Allarond just learned to make his weapons spontaneously light on fire. There is good design logic for this. Turbine decided that removing enemy buffs should be an important mechanic in the expansion. Champions got buff-removal added to an upgrade of a bread-and-butter attack skill we've had since level two - my guess would be that Turbine wanted the class to have more utility for balance reasons. Adding an upgraded graphic to the skill is a good way of demonstrating that it now has a new function, which should become the player's top priority when the enemy buffs itself.
(A cynic might also argue that the flashy animation is a way to paper over the relatively small number of new skills in the expansion levels, but I don't know that this is any different than WoW or EQ2's spamming players with new ranks of every spell in their arsenals on a regular basis while introducing legitimately new abilities equally infrequently.)
The problem? This game is set in Middle Earth. I don't remember Gimli's axes bursting into flames as he fought the malevolent ice wraiths of Caradhras. (Actually, I don't remember the malevolent ice wraiths of Caradhras either, maybe Gandalf was busy whining to Aragorn about being forced to go to Moria while the battle raged off camera. Of course, if the game stuck to just foes the Fellowship actually fought during the story, the beastiary would be very repetitive indeed, especially in the context of a game full of "kill 360 of this type of enemy" deeds.)
"You guys seem to care a lot about the lore, don't you?"
My non-gaming wife's comments on my blogging hobby are always interesting, as they offer an outside perspective on our crazy ways. When I woke up on Sunday morning, I found that I'd already gotten a number of comments on my Saturday night post about the lore behind the PTR class/race combos rumored to be part of the new expansion. She skimmed over the comments - substantive discussion too, not one-line expressions of assent or disdain - and remarked that us MMORPG players must be very concerned with our lore.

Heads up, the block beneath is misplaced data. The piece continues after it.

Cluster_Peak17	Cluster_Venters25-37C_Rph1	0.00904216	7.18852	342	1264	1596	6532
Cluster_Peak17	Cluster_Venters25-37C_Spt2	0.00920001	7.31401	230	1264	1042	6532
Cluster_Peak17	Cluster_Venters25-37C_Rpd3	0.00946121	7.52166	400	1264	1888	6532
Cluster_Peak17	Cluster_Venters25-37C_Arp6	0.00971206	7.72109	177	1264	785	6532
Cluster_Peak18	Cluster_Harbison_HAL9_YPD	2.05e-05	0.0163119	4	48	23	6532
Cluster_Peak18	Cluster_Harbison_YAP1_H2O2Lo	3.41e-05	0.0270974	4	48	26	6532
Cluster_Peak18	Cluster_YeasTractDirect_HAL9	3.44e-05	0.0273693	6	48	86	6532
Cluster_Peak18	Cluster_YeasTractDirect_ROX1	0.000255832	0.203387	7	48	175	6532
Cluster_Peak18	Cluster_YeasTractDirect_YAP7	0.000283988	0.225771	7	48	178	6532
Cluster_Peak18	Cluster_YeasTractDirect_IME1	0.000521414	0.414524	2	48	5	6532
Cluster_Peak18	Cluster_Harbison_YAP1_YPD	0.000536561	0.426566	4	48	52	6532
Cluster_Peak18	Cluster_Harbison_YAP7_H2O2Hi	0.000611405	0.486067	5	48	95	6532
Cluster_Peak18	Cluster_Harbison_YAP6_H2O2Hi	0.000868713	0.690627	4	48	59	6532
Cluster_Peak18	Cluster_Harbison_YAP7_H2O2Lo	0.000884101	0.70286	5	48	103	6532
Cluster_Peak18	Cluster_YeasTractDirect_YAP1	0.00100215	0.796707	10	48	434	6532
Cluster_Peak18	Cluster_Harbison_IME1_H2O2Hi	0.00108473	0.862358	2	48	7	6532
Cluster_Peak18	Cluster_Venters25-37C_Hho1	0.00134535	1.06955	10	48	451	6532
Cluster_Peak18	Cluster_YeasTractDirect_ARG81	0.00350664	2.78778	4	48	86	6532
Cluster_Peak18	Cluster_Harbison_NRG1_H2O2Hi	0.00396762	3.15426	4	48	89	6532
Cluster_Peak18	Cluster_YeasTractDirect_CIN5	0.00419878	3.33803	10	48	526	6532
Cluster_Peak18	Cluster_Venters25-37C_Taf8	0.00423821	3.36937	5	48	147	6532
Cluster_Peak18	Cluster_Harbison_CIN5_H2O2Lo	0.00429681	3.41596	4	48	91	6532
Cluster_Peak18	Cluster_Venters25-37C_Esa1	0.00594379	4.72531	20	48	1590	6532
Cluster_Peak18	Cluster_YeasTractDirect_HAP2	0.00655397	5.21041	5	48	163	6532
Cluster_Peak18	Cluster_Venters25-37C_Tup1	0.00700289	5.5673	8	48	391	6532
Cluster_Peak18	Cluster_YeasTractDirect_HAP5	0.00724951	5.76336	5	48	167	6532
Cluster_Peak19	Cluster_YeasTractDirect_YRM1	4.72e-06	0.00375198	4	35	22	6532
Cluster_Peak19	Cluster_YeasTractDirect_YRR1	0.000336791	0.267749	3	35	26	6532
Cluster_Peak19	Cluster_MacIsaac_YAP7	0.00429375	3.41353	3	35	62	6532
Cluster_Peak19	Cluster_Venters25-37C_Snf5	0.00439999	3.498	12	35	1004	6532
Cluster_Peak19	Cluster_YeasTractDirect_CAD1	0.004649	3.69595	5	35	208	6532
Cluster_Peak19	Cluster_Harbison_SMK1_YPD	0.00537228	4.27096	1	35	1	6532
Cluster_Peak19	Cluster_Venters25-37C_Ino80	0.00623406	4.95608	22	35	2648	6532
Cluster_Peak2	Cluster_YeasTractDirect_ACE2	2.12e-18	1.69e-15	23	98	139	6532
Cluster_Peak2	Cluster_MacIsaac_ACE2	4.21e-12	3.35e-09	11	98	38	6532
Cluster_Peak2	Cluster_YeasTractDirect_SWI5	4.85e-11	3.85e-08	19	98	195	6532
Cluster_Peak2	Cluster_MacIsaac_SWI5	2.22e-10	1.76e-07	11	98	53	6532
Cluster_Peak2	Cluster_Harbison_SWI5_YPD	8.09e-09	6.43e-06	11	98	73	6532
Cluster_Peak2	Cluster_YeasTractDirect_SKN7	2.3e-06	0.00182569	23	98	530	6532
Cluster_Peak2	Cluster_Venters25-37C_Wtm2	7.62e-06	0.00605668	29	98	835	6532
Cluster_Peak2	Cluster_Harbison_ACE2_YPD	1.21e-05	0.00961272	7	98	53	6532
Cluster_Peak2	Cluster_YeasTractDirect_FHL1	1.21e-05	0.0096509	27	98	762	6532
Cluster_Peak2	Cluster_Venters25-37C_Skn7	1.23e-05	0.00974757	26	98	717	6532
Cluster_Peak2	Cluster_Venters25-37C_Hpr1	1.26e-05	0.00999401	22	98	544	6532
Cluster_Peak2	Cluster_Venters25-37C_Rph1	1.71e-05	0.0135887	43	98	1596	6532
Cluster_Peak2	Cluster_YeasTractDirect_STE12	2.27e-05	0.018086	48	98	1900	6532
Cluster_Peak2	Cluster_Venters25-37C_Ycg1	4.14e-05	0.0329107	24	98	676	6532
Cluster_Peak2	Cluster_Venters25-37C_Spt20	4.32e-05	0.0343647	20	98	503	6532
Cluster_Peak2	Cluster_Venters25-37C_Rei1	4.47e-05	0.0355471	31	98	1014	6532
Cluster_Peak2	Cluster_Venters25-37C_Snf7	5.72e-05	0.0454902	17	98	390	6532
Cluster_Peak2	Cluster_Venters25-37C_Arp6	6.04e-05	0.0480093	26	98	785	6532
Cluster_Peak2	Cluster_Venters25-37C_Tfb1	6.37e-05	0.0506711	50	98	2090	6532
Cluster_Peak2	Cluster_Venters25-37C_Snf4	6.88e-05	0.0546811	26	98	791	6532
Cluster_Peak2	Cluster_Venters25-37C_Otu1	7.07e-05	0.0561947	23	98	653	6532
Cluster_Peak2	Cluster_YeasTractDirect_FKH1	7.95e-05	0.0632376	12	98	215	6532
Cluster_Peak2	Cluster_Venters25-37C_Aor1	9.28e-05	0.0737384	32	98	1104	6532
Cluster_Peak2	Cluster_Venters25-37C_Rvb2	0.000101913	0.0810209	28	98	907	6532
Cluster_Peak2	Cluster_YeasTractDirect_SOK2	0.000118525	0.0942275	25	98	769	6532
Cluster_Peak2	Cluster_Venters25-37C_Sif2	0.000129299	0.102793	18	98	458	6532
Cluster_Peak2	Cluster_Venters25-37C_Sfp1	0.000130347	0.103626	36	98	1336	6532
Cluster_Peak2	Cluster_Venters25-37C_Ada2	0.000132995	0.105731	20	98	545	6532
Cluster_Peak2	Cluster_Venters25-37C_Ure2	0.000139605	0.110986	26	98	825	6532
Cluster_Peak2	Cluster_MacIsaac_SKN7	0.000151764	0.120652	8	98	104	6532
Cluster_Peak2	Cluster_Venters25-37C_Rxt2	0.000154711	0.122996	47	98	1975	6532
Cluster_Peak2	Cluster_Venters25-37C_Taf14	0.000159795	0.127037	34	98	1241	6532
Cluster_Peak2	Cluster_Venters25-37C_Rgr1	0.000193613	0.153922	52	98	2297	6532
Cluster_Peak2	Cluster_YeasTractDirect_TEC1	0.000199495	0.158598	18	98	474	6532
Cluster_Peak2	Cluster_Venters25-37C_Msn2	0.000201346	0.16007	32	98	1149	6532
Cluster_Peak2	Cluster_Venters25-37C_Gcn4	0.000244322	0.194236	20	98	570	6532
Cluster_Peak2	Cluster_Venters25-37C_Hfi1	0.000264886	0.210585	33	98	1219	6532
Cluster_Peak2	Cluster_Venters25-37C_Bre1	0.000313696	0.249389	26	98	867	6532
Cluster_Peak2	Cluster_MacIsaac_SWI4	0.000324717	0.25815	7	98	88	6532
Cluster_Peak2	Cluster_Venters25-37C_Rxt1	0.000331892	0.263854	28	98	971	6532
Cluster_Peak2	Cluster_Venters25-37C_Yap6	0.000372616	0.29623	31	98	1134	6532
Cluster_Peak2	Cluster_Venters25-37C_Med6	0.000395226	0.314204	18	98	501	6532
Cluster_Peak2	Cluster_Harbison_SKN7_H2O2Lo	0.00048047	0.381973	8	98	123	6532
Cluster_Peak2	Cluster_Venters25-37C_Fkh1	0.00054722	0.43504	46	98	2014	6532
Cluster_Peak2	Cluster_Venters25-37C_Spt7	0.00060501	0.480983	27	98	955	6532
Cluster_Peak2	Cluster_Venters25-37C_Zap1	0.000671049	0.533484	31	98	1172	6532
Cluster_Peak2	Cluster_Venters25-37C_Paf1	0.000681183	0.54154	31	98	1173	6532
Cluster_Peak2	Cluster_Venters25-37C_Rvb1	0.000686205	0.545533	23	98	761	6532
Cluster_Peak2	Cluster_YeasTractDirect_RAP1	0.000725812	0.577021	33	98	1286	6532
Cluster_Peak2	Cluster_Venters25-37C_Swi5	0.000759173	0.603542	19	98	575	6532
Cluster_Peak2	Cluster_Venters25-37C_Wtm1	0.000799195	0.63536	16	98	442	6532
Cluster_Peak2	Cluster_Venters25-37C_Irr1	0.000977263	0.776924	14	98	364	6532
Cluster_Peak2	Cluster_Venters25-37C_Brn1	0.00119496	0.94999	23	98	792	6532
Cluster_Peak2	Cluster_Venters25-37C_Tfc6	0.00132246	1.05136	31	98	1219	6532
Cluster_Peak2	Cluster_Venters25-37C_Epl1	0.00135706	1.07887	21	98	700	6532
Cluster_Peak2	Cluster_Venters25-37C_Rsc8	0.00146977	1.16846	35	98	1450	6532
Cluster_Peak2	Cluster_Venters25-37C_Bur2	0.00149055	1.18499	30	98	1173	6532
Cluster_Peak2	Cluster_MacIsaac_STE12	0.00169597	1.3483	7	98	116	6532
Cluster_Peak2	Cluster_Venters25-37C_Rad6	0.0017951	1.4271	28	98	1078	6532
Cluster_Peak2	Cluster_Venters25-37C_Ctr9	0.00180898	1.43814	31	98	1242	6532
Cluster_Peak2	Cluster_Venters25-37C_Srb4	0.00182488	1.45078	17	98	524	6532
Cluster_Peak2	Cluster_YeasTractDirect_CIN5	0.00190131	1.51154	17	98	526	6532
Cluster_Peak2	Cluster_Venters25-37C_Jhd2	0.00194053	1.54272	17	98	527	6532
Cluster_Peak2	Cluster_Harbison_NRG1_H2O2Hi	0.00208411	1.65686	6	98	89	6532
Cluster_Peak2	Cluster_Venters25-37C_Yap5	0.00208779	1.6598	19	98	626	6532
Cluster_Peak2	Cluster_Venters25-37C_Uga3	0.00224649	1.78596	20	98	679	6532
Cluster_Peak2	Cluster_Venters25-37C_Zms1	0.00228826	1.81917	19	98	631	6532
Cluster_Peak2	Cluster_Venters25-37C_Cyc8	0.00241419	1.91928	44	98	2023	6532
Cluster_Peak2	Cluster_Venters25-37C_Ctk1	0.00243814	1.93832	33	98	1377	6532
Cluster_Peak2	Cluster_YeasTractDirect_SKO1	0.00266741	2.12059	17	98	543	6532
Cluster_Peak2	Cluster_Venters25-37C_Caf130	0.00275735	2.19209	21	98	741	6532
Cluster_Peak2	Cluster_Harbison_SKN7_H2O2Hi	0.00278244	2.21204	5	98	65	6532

The lore plays a conflicted role in the modern MMORPG. On the one hand, the lore is the difference between a game where players fight for a cause and an FPS with slow-paced combat and lots of repetitive battles against weak and poorly scripted bots. On the other, the lore of a fantasy world will almost invariably conflict with things that need to happen for gameplay.
Threats - and players - respawn after being killed. Within a matter of hours of gameplay (perhaps days of in-game time), a player gains enough experience that, if they were allowed to do so, they could attack the entire village they grew up in and stand in the middle of the angry mob, shrugging off blows from their former peers before one-shotting the whole bunch of them. The Mines of Moria, overrun by goblins and fouler things than orcs, needs an Invincible Goat Taxi service to allow players to get around in a timely fashion. These things do not make sense, but you cannot make a level-based questing RPG without them.